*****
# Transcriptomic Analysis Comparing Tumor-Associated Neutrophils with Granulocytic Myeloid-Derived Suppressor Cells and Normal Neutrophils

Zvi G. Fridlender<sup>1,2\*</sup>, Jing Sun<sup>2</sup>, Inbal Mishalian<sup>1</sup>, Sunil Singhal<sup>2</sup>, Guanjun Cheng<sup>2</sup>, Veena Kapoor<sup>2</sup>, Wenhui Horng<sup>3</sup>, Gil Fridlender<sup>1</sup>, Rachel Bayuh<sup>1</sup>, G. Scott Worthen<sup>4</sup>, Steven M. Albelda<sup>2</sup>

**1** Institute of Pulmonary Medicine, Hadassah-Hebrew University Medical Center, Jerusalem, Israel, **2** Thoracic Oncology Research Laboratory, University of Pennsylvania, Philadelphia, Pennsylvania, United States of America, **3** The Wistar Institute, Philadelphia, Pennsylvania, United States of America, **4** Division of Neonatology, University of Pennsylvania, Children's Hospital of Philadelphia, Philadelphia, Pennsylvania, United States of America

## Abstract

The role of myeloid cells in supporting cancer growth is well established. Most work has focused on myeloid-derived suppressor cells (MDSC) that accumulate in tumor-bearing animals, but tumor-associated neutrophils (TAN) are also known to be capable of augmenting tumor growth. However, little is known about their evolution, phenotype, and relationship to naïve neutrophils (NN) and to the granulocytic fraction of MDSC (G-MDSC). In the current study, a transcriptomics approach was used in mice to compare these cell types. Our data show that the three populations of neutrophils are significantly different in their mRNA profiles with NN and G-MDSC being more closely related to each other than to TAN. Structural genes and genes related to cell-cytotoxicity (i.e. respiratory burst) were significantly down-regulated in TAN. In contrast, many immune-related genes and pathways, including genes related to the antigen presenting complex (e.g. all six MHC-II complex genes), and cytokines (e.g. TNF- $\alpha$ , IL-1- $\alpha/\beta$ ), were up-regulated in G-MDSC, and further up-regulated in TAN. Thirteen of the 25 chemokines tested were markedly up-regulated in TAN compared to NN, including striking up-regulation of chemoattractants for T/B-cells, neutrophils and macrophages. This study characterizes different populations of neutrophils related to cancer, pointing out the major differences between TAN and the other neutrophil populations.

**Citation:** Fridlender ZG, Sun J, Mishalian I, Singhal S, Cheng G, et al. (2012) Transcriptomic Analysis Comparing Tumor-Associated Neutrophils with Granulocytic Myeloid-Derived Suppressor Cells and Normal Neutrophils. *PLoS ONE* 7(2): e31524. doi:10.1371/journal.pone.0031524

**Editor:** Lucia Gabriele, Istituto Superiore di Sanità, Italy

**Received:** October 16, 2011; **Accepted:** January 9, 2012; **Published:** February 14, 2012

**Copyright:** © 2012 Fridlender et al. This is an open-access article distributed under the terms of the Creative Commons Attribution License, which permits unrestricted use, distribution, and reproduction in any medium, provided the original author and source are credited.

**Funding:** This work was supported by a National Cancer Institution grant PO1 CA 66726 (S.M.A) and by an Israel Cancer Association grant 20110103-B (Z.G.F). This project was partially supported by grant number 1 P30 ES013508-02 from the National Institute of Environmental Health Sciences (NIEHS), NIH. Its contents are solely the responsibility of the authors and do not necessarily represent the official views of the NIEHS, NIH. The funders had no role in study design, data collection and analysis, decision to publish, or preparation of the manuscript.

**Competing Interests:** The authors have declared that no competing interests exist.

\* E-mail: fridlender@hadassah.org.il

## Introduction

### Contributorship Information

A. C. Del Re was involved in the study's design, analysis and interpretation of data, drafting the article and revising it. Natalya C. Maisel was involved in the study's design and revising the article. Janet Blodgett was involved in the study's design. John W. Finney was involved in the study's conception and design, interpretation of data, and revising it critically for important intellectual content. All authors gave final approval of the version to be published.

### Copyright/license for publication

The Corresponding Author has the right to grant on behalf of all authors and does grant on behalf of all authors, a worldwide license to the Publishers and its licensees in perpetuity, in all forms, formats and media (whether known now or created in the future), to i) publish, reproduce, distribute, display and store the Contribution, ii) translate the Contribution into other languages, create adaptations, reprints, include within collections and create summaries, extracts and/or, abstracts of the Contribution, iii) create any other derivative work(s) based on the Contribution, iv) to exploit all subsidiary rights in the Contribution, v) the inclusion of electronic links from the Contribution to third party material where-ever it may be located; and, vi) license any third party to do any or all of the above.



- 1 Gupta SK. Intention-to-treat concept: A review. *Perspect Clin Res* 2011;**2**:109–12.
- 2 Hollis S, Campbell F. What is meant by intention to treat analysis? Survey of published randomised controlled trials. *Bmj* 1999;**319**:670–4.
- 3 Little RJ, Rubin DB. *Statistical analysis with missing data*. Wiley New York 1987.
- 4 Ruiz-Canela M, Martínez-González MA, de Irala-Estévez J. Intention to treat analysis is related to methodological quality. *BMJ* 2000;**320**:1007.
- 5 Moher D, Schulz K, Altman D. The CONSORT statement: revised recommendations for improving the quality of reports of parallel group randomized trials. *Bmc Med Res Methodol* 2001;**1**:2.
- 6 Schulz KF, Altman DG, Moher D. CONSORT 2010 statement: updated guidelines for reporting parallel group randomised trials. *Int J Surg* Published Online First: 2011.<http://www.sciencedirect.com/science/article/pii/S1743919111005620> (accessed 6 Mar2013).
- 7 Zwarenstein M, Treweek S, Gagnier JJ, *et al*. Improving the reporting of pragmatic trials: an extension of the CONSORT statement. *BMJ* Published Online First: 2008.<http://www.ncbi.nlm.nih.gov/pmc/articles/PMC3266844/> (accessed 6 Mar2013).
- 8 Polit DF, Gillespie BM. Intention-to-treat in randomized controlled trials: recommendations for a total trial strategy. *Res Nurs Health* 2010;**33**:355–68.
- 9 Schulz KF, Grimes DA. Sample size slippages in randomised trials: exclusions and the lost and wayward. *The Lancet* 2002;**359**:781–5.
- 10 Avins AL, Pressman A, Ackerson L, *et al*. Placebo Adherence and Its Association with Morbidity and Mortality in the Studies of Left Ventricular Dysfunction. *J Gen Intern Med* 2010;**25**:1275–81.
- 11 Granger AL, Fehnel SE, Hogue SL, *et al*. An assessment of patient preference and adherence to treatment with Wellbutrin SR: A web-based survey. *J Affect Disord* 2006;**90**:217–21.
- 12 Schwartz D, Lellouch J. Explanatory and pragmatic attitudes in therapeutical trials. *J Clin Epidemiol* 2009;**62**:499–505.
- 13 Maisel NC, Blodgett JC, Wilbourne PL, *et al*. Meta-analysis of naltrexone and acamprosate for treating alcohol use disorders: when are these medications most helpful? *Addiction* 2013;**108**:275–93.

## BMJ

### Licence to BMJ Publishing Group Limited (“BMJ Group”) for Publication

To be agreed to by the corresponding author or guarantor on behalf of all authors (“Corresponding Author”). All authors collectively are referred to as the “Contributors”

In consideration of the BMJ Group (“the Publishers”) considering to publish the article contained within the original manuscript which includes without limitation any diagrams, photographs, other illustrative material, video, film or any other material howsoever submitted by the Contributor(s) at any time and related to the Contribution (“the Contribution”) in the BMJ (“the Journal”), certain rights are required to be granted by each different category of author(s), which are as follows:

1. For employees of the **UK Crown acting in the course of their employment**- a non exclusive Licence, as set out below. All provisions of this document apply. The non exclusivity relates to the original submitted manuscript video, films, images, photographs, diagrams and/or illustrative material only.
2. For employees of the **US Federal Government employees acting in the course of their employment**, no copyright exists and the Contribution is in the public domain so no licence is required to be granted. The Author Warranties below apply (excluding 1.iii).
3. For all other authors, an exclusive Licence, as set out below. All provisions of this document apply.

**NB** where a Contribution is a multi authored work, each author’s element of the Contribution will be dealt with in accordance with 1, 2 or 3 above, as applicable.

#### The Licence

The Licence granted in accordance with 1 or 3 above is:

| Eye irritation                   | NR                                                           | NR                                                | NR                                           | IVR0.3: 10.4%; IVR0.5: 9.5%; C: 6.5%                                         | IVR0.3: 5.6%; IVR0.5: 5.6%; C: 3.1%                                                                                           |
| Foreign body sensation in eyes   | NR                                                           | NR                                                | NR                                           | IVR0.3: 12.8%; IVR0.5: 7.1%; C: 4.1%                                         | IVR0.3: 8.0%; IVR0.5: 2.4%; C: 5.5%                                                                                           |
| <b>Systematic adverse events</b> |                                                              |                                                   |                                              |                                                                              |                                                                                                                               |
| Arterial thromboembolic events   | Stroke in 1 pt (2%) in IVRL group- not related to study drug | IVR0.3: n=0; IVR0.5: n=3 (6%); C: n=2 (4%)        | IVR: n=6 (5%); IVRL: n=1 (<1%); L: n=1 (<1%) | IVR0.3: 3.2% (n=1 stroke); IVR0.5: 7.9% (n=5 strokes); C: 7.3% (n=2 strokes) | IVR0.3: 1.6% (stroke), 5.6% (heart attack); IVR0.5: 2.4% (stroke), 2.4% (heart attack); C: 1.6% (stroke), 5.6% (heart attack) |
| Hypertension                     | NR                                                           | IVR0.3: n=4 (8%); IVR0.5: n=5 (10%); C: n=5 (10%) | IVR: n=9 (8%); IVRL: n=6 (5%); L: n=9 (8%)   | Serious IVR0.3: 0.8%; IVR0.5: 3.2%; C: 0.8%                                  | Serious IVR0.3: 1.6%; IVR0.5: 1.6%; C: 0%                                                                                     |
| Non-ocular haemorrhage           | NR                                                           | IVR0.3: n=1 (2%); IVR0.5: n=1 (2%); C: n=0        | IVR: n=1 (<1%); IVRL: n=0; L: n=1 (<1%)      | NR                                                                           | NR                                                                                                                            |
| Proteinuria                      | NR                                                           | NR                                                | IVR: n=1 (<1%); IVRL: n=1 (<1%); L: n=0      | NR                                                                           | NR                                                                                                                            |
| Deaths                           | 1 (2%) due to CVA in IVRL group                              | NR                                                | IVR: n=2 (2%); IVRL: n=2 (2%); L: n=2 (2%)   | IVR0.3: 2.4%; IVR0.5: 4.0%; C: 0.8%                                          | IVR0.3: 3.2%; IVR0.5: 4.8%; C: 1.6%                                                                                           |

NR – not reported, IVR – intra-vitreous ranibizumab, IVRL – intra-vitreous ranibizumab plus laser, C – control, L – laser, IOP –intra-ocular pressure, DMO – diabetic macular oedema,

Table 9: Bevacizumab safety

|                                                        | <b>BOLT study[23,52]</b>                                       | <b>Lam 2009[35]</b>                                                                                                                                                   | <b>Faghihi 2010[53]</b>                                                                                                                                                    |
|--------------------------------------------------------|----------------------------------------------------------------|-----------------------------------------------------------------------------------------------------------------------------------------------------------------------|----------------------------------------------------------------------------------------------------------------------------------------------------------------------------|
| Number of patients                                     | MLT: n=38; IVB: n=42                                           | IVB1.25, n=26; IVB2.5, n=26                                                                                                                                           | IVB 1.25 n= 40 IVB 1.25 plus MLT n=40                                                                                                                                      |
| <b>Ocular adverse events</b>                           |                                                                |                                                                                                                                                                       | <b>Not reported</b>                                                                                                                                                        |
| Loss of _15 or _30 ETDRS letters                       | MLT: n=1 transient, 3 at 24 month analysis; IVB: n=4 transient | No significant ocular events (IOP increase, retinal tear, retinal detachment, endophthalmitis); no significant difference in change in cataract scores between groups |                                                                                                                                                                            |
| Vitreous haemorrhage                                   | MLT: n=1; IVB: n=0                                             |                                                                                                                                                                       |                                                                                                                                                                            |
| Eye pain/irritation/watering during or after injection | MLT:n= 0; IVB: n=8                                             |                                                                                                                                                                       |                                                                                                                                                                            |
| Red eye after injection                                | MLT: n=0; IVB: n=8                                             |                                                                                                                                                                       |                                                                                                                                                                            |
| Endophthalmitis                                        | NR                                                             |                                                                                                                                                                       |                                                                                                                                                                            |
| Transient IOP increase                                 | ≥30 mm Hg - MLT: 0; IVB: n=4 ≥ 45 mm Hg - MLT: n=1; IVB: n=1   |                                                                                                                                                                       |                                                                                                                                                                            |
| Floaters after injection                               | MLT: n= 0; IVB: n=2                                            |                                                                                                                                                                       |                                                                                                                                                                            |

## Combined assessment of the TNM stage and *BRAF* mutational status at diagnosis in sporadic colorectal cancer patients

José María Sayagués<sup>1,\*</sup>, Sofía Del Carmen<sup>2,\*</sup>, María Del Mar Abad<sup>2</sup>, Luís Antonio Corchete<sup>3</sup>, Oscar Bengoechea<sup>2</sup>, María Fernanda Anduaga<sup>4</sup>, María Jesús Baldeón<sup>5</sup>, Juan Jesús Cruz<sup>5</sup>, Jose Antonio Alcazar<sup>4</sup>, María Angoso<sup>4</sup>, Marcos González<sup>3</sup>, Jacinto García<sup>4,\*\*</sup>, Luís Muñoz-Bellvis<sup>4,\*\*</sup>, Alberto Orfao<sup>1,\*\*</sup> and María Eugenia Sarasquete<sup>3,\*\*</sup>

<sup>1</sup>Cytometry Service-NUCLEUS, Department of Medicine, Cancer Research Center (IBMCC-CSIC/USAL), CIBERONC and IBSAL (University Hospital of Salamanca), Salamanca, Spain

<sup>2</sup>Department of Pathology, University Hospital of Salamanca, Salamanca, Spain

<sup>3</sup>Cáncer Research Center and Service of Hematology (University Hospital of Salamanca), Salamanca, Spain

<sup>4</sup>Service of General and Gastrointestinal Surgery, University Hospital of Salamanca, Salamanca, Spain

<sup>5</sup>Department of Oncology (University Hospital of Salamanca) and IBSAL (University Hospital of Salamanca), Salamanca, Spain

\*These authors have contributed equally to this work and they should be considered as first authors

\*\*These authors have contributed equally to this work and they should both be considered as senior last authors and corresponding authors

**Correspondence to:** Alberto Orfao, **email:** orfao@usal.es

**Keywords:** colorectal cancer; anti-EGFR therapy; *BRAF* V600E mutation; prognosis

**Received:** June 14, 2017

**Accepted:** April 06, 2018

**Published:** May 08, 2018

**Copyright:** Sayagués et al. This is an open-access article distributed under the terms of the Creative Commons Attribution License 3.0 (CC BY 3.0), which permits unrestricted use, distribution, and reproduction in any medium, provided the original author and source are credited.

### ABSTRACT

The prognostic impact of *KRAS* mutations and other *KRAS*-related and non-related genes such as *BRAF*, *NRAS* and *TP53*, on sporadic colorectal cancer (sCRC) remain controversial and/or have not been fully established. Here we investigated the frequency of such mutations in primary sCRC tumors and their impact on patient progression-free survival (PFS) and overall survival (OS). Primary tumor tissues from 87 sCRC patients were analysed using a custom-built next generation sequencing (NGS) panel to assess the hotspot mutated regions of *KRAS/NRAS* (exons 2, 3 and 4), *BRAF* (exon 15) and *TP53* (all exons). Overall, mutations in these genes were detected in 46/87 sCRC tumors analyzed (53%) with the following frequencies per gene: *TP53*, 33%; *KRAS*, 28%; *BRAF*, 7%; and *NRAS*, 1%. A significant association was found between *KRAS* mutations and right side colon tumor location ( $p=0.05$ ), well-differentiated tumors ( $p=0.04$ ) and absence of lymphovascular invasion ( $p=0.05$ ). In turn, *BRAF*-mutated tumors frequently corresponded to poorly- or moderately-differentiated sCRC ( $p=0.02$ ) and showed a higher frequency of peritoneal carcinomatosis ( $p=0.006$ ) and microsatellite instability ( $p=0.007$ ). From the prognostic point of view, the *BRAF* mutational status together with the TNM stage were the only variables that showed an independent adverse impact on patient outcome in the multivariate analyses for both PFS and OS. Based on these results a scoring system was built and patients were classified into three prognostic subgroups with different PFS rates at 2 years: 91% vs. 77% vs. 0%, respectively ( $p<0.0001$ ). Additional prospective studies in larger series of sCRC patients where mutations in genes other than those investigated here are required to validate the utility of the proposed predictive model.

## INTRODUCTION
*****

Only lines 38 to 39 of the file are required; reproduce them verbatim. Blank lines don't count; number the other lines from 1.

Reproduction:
**NB** where a Contribution is a multi authored work, each author’s element of the Contribution will be dealt with in accordance with 1, 2 or 3 above, as applicable.

#### The Licence